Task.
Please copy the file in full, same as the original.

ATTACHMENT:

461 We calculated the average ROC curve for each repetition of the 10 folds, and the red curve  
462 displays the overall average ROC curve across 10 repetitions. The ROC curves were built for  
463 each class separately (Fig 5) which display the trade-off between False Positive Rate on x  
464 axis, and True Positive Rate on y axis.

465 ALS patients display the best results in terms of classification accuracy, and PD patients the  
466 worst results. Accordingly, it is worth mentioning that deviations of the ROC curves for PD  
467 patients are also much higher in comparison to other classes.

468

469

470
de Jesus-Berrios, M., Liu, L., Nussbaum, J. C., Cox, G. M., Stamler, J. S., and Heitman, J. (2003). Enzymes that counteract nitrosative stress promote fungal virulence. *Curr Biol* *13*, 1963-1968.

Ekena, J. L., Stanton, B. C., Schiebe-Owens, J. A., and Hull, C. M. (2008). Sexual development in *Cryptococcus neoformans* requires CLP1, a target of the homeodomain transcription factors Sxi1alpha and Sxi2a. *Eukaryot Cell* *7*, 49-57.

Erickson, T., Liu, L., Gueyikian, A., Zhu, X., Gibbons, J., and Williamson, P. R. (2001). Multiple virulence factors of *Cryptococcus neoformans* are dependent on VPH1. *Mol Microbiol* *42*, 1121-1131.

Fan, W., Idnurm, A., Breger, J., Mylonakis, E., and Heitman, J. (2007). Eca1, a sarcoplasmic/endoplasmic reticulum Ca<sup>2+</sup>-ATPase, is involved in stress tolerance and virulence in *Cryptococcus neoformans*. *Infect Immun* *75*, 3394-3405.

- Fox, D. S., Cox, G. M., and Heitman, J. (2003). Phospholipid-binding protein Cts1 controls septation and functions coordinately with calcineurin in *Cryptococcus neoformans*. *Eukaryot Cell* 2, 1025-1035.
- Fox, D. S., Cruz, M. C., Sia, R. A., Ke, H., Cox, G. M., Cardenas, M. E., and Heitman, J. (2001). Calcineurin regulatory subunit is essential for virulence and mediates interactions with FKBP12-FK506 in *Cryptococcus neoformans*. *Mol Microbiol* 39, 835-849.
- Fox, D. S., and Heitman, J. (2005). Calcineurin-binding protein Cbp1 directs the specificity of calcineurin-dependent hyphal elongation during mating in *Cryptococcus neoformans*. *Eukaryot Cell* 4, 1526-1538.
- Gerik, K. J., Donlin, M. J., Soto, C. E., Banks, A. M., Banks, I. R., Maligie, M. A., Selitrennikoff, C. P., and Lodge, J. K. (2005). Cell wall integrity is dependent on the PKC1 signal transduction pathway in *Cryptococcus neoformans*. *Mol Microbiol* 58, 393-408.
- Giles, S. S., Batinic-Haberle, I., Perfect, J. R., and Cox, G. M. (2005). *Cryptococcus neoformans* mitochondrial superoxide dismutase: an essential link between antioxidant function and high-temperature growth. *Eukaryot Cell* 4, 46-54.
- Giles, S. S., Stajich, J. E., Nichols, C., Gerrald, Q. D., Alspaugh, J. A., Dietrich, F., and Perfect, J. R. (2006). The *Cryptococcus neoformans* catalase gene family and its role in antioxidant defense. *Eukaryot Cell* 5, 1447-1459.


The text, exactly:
461 We calculated the average ROC curve for each repetition of the 10 folds, and the red curve  
462 displays the overall average ROC curve across 10 repetitions. The ROC curves were built for  
463 each class separately (Fig 5) which display the trade-off between False Positive Rate on x  
464 axis, and True Positive Rate on y axis.

465 ALS patients display the best results in terms of classification accuracy, and PD patients the  
466 worst results. Accordingly, it is worth mentioning that deviations of the ROC curves for PD  
467 patients are also much higher in comparison to other classes.

468

469

470
de Jesus-Berrios, M., Liu, L., Nussbaum, J. C., Cox, G. M., Stamler, J. S., and Heitman, J. (2003). Enzymes that counteract nitrosative stress promote fungal virulence. *Curr Biol* *13*, 1963-1968.

Ekena, J. L., Stanton, B. C., Schiebe-Owens, J. A., and Hull, C. M. (2008). Sexual development in *Cryptococcus neoformans* requires CLP1, a target of the homeodomain transcription factors Sxi1alpha and Sxi2a. *Eukaryot Cell* *7*, 49-57.

Erickson, T., Liu, L., Gueyikian, A., Zhu, X., Gibbons, J., and Williamson, P. R. (2001). Multiple virulence factors of *Cryptococcus neoformans* are dependent on VPH1. *Mol Microbiol* *42*, 1121-1131.

Fan, W., Idnurm, A., Breger, J., Mylonakis, E., and Heitman, J. (2007). Eca1, a sarcoplasmic/endoplasmic reticulum Ca<sup>2+</sup>-ATPase, is involved in stress tolerance and virulence in *Cryptococcus neoformans*. *Infect Immun* *75*, 3394-3405.

- Fox, D. S., Cox, G. M., and Heitman, J. (2003). Phospholipid-binding protein Cts1 controls septation and functions coordinately with calcineurin in *Cryptococcus neoformans*. *Eukaryot Cell* 2, 1025-1035.
- Fox, D. S., Cruz, M. C., Sia, R. A., Ke, H., Cox, G. M., Cardenas, M. E., and Heitman, J. (2001). Calcineurin regulatory subunit is essential for virulence and mediates interactions with FKBP12-FK506 in *Cryptococcus neoformans*. *Mol Microbiol* 39, 835-849.
- Fox, D. S., and Heitman, J. (2005). Calcineurin-binding protein Cbp1 directs the specificity of calcineurin-dependent hyphal elongation during mating in *Cryptococcus neoformans*. *Eukaryot Cell* 4, 1526-1538.
- Gerik, K. J., Donlin, M. J., Soto, C. E., Banks, A. M., Banks, I. R., Maligie, M. A., Selitrennikoff, C. P., and Lodge, J. K. (2005). Cell wall integrity is dependent on the PKC1 signal transduction pathway in *Cryptococcus neoformans*. *Mol Microbiol* 58, 393-408.
- Giles, S. S., Batinic-Haberle, I., Perfect, J. R., and Cox, G. M. (2005). *Cryptococcus neoformans* mitochondrial superoxide dismutase: an essential link between antioxidant function and high-temperature growth. *Eukaryot Cell* 4, 46-54.
- Giles, S. S., Stajich, J. E., Nichols, C., Gerrald, Q. D., Alspaugh, J. A., Dietrich, F., and Perfect, J. R. (2006). The *Cryptococcus neoformans* catalase gene family and its role in antioxidant defense. *Eukaryot Cell* 5, 1447-1459.